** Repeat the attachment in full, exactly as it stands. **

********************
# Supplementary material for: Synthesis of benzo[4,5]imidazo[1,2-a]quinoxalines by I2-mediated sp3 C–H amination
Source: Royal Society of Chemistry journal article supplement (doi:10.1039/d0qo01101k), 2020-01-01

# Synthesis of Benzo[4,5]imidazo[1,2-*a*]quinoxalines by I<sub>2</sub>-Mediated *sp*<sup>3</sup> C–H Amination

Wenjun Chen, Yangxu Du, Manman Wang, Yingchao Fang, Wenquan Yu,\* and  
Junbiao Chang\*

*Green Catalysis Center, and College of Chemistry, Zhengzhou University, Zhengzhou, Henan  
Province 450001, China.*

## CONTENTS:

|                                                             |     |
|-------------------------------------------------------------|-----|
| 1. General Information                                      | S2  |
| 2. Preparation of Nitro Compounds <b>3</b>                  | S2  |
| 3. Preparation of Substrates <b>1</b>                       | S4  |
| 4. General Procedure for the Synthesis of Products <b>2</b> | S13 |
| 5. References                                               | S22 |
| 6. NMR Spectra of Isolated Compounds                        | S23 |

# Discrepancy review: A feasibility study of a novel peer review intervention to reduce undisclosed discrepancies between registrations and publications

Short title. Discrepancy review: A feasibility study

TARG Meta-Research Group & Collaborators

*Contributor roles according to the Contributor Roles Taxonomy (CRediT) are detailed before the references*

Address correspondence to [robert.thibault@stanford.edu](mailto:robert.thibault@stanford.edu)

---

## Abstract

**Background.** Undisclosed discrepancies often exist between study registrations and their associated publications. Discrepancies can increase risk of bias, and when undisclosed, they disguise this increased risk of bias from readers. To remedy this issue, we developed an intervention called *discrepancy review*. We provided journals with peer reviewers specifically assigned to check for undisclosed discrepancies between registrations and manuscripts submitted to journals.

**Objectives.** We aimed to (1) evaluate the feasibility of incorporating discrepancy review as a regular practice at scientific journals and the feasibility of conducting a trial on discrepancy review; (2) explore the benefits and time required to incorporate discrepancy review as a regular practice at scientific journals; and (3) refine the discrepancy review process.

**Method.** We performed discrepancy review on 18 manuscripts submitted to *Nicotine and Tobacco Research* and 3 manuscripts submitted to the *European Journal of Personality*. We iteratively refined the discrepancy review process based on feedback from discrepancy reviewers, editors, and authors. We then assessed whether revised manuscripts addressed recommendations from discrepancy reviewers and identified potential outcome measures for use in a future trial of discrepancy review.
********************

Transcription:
# Supplementary material for: Synthesis of benzo[4,5]imidazo[1,2-a]quinoxalines by I2-mediated sp3 C–H amination
Source: Royal Society of Chemistry journal article supplement (doi:10.1039/d0qo01101k), 2020-01-01

# Synthesis of Benzo[4,5]imidazo[1,2-*a*]quinoxalines by I<sub>2</sub>-Mediated *sp*<sup>3</sup> C–H Amination

Wenjun Chen, Yangxu Du, Manman Wang, Yingchao Fang, Wenquan Yu,\* and  
Junbiao Chang\*

*Green Catalysis Center, and College of Chemistry, Zhengzhou University, Zhengzhou, Henan  
Province 450001, China.*

## CONTENTS:

|                                                             |     |
|-------------------------------------------------------------|-----|
| 1. General Information                                      | S2  |
| 2. Preparation of Nitro Compounds <b>3</b>                  | S2  |
| 3. Preparation of Substrates <b>1</b>                       | S4  |
| 4. General Procedure for the Synthesis of Products <b>2</b> | S13 |
| 5. References                                               | S22 |
| 6. NMR Spectra of Isolated Compounds                        | S23 |

# Discrepancy review: A feasibility study of a novel peer review intervention to reduce undisclosed discrepancies between registrations and publications

Short title. Discrepancy review: A feasibility study

TARG Meta-Research Group & Collaborators

*Contributor roles according to the Contributor Roles Taxonomy (CRediT) are detailed before the references*

Address correspondence to [robert.thibault@stanford.edu](mailto:robert.thibault@stanford.edu)

---

## Abstract

**Background.** Undisclosed discrepancies often exist between study registrations and their associated publications. Discrepancies can increase risk of bias, and when undisclosed, they disguise this increased risk of bias from readers. To remedy this issue, we developed an intervention called *discrepancy review*. We provided journals with peer reviewers specifically assigned to check for undisclosed discrepancies between registrations and manuscripts submitted to journals.

**Objectives.** We aimed to (1) evaluate the feasibility of incorporating discrepancy review as a regular practice at scientific journals and the feasibility of conducting a trial on discrepancy review; (2) explore the benefits and time required to incorporate discrepancy review as a regular practice at scientific journals; and (3) refine the discrepancy review process.

**Method.** We performed discrepancy review on 18 manuscripts submitted to *Nicotine and Tobacco Research* and 3 manuscripts submitted to the *European Journal of Personality*. We iteratively refined the discrepancy review process based on feedback from discrepancy reviewers, editors, and authors. We then assessed whether revised manuscripts addressed recommendations from discrepancy reviewers and identified potential outcome measures for use in a future trial of discrepancy review.